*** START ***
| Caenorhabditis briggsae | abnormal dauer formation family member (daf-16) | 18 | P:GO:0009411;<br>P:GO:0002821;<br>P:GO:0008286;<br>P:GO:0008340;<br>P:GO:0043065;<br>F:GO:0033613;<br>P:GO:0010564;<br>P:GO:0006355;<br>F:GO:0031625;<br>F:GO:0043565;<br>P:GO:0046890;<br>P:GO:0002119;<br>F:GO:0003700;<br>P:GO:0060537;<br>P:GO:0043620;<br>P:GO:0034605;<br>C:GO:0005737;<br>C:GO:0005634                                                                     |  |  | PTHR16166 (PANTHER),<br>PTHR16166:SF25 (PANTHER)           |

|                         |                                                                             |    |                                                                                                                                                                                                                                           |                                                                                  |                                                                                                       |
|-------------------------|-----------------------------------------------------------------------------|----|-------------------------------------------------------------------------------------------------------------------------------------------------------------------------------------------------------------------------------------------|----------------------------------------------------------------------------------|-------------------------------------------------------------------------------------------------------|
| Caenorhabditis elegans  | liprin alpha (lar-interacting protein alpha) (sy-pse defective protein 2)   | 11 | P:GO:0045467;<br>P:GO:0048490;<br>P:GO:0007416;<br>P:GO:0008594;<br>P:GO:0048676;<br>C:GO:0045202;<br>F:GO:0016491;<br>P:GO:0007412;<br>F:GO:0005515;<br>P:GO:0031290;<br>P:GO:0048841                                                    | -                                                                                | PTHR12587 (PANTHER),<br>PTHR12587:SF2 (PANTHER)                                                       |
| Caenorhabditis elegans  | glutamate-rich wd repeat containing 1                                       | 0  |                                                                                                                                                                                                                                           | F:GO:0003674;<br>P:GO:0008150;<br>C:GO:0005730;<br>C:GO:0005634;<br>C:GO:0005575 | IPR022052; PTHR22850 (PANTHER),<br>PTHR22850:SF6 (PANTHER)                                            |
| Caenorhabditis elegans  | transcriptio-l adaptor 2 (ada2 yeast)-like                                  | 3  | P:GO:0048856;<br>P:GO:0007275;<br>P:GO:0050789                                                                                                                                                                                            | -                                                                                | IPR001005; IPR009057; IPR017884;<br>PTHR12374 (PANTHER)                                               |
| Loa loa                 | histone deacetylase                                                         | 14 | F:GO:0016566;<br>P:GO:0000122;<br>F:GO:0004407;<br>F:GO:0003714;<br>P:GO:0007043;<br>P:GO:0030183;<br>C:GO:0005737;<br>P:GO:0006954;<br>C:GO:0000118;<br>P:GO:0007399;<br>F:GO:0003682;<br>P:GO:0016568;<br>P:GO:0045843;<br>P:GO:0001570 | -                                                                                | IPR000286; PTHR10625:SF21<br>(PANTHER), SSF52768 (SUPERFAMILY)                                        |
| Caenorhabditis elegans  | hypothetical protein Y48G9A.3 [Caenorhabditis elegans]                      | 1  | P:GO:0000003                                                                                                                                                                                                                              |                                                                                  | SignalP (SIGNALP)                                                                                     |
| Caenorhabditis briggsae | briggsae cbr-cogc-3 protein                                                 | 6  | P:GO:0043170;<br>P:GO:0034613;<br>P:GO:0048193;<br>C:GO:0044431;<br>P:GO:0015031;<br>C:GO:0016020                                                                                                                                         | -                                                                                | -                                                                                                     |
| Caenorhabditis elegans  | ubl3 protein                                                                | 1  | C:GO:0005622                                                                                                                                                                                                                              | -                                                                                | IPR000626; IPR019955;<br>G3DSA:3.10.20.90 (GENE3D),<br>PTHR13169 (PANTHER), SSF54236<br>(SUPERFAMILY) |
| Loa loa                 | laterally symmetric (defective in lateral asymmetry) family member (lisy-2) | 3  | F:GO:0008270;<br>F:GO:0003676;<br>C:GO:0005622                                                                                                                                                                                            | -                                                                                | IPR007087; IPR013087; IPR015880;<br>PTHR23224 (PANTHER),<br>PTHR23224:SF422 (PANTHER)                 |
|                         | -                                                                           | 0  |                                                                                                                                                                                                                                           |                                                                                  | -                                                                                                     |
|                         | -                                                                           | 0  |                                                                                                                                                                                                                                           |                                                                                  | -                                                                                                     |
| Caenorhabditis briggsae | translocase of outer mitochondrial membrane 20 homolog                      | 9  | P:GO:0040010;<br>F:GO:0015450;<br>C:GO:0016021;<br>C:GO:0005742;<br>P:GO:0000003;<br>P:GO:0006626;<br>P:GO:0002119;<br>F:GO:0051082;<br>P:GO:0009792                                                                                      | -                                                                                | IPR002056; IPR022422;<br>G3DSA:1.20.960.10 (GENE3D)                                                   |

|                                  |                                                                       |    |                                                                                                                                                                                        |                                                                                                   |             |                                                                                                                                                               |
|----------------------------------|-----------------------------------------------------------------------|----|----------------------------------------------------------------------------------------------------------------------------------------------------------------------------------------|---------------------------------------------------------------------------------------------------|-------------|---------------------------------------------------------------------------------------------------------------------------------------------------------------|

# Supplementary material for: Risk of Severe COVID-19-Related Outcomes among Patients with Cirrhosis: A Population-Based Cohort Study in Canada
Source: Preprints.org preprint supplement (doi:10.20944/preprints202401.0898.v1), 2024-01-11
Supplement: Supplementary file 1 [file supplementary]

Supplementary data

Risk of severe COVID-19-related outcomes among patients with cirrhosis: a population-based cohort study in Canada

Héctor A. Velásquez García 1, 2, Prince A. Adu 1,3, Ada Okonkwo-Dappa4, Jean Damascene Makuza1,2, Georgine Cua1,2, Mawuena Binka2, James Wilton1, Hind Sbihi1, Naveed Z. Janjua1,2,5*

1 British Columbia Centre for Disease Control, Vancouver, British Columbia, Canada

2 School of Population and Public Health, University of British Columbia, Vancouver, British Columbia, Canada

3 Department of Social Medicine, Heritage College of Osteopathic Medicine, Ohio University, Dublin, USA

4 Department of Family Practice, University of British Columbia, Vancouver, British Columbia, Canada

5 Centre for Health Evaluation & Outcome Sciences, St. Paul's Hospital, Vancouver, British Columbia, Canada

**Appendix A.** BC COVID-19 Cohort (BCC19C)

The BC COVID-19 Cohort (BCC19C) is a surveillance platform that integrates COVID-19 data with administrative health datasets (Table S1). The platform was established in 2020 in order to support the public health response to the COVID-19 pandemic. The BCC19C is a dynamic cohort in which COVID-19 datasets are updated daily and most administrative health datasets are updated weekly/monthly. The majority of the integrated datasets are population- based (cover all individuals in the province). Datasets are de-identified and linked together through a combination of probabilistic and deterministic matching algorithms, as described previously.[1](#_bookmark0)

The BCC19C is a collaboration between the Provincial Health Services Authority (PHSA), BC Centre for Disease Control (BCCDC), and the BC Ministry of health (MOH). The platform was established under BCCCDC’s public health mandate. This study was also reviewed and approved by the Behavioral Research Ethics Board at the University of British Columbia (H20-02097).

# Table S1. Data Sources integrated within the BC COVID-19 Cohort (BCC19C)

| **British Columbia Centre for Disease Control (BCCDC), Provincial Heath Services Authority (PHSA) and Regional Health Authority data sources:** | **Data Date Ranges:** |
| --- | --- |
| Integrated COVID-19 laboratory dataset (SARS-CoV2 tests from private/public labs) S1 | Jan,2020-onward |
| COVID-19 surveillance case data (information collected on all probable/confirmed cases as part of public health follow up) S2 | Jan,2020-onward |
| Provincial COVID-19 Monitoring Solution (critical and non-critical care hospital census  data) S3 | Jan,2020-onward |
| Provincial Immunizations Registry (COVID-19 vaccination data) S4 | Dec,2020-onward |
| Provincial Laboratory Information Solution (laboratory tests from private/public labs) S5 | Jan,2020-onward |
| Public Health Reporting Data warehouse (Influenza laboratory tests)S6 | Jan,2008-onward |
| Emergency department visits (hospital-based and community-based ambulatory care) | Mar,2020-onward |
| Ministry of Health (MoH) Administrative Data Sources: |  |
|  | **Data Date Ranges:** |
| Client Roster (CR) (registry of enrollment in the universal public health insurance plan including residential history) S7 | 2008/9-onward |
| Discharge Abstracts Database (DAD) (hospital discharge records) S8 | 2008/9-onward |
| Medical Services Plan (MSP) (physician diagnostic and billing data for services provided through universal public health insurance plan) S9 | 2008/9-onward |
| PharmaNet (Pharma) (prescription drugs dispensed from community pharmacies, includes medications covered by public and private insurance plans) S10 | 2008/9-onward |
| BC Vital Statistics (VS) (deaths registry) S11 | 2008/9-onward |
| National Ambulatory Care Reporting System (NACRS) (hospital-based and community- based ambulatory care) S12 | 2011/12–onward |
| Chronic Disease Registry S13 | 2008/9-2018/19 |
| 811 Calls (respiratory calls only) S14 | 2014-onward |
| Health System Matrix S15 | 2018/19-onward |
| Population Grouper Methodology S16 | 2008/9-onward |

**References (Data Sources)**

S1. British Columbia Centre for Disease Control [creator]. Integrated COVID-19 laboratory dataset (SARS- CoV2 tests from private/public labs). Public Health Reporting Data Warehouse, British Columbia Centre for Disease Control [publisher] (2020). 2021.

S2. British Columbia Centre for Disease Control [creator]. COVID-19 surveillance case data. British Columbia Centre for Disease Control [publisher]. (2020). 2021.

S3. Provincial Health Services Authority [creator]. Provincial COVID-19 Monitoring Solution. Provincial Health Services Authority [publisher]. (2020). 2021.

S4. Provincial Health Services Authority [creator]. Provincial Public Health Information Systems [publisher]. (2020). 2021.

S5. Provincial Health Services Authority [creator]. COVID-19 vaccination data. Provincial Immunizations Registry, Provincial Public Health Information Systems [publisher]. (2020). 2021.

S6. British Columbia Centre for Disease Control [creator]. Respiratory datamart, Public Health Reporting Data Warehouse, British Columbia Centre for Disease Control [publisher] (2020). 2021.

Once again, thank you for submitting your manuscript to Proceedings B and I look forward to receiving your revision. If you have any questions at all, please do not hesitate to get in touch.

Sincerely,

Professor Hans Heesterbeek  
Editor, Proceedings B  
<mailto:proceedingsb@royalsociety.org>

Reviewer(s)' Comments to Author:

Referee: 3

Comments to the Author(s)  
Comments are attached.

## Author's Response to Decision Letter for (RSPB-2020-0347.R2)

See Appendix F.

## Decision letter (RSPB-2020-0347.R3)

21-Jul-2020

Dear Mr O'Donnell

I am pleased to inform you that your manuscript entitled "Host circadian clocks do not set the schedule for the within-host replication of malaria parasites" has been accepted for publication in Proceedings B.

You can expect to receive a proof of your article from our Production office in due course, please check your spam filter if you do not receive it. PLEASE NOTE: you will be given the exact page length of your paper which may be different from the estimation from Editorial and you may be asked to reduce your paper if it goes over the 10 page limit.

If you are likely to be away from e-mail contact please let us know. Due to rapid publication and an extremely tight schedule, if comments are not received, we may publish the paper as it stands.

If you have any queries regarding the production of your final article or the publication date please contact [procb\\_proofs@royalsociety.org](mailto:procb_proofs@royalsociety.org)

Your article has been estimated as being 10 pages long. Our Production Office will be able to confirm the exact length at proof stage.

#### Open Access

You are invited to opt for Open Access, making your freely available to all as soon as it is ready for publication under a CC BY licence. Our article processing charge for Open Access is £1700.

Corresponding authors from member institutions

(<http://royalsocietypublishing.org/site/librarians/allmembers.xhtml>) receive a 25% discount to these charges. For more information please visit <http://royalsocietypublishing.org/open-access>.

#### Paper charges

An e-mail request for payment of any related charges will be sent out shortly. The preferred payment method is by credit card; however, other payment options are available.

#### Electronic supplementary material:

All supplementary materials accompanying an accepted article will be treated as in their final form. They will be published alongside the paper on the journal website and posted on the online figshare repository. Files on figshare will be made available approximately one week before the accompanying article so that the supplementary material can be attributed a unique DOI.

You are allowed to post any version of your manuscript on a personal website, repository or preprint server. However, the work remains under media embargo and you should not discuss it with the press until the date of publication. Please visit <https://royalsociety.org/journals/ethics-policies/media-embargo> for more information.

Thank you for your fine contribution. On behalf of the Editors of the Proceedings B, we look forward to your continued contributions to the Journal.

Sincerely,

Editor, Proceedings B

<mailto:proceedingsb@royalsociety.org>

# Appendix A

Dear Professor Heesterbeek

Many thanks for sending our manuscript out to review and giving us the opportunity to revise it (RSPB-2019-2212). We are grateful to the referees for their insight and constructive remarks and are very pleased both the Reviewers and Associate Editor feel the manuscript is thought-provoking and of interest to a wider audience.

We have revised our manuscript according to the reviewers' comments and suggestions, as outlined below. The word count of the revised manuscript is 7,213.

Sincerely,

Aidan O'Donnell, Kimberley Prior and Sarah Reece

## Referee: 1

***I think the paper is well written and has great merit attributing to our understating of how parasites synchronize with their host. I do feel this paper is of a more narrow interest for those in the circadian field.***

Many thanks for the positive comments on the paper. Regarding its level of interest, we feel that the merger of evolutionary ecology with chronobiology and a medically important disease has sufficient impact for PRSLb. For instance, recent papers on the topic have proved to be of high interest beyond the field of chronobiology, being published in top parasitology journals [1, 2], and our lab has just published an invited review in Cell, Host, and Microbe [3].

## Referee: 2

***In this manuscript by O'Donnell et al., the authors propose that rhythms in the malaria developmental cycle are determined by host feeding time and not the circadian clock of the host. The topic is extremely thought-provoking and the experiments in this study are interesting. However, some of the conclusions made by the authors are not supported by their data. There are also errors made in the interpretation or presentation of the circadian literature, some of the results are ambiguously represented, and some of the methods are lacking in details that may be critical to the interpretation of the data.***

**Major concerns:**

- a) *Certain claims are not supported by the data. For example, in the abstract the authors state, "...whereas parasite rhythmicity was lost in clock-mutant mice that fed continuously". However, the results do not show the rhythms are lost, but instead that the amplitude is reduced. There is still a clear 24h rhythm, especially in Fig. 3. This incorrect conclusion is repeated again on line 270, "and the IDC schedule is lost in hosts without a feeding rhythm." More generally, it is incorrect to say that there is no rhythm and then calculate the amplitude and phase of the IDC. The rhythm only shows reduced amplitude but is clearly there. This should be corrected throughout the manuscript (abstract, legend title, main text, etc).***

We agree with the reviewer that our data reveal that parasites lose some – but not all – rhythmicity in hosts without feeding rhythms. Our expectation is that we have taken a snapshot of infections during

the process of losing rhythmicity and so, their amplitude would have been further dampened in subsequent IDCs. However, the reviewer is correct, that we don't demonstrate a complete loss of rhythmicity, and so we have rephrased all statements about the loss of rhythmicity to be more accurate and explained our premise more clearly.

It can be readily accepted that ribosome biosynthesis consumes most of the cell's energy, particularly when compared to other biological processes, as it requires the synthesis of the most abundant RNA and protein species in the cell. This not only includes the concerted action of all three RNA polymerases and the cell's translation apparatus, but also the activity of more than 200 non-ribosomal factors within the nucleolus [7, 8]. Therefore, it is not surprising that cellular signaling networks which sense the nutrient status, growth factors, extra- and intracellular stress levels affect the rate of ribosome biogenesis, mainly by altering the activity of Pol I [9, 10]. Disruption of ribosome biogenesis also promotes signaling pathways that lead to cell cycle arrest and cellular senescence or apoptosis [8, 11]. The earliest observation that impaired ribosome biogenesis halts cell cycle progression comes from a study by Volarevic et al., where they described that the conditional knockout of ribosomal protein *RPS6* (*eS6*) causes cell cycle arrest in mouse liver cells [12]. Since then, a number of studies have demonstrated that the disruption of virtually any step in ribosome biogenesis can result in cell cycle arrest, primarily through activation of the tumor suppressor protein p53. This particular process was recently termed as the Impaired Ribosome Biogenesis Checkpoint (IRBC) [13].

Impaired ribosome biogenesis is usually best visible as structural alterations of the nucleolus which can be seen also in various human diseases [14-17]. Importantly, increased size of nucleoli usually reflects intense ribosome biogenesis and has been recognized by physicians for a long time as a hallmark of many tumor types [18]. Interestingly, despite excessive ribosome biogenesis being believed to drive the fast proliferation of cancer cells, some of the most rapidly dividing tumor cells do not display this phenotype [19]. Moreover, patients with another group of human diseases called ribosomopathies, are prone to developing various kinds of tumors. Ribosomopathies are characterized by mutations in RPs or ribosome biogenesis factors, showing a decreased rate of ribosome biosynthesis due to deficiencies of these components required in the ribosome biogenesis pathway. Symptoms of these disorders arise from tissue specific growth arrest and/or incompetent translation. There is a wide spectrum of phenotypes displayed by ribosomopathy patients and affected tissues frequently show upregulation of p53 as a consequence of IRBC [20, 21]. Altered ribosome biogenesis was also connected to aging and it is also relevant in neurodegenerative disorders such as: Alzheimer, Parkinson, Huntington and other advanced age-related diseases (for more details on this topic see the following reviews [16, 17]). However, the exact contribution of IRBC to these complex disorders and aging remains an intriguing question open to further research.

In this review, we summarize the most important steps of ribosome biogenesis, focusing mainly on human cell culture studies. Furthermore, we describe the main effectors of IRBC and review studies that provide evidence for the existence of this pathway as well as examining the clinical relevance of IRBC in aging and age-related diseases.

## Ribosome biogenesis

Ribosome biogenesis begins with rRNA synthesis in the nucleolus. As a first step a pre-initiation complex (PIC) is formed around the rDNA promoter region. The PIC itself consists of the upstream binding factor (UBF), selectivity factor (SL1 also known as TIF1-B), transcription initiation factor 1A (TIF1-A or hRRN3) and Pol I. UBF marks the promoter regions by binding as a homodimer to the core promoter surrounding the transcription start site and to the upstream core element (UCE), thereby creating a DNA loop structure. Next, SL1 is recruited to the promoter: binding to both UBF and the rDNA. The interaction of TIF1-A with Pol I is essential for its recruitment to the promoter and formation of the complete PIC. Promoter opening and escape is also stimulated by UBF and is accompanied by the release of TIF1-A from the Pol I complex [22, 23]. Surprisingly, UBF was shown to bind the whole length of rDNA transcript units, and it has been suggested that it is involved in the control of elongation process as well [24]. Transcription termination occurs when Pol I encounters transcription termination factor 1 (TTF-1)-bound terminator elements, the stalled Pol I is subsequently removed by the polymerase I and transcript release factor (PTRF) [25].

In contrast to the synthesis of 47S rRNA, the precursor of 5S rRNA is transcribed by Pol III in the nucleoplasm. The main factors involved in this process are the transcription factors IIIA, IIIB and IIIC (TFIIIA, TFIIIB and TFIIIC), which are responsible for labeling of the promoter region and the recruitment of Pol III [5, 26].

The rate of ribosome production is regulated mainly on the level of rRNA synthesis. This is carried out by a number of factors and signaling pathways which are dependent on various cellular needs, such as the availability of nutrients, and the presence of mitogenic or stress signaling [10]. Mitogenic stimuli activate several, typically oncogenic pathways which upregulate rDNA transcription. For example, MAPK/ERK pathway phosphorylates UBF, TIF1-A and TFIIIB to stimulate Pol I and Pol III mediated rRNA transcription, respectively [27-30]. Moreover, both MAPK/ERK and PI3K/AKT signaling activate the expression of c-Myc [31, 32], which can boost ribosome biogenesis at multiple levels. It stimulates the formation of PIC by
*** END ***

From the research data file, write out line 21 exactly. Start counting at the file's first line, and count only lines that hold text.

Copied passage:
Risk of severe COVID-19-related outcomes among patients with cirrhosis: a population-based cohort study in Canada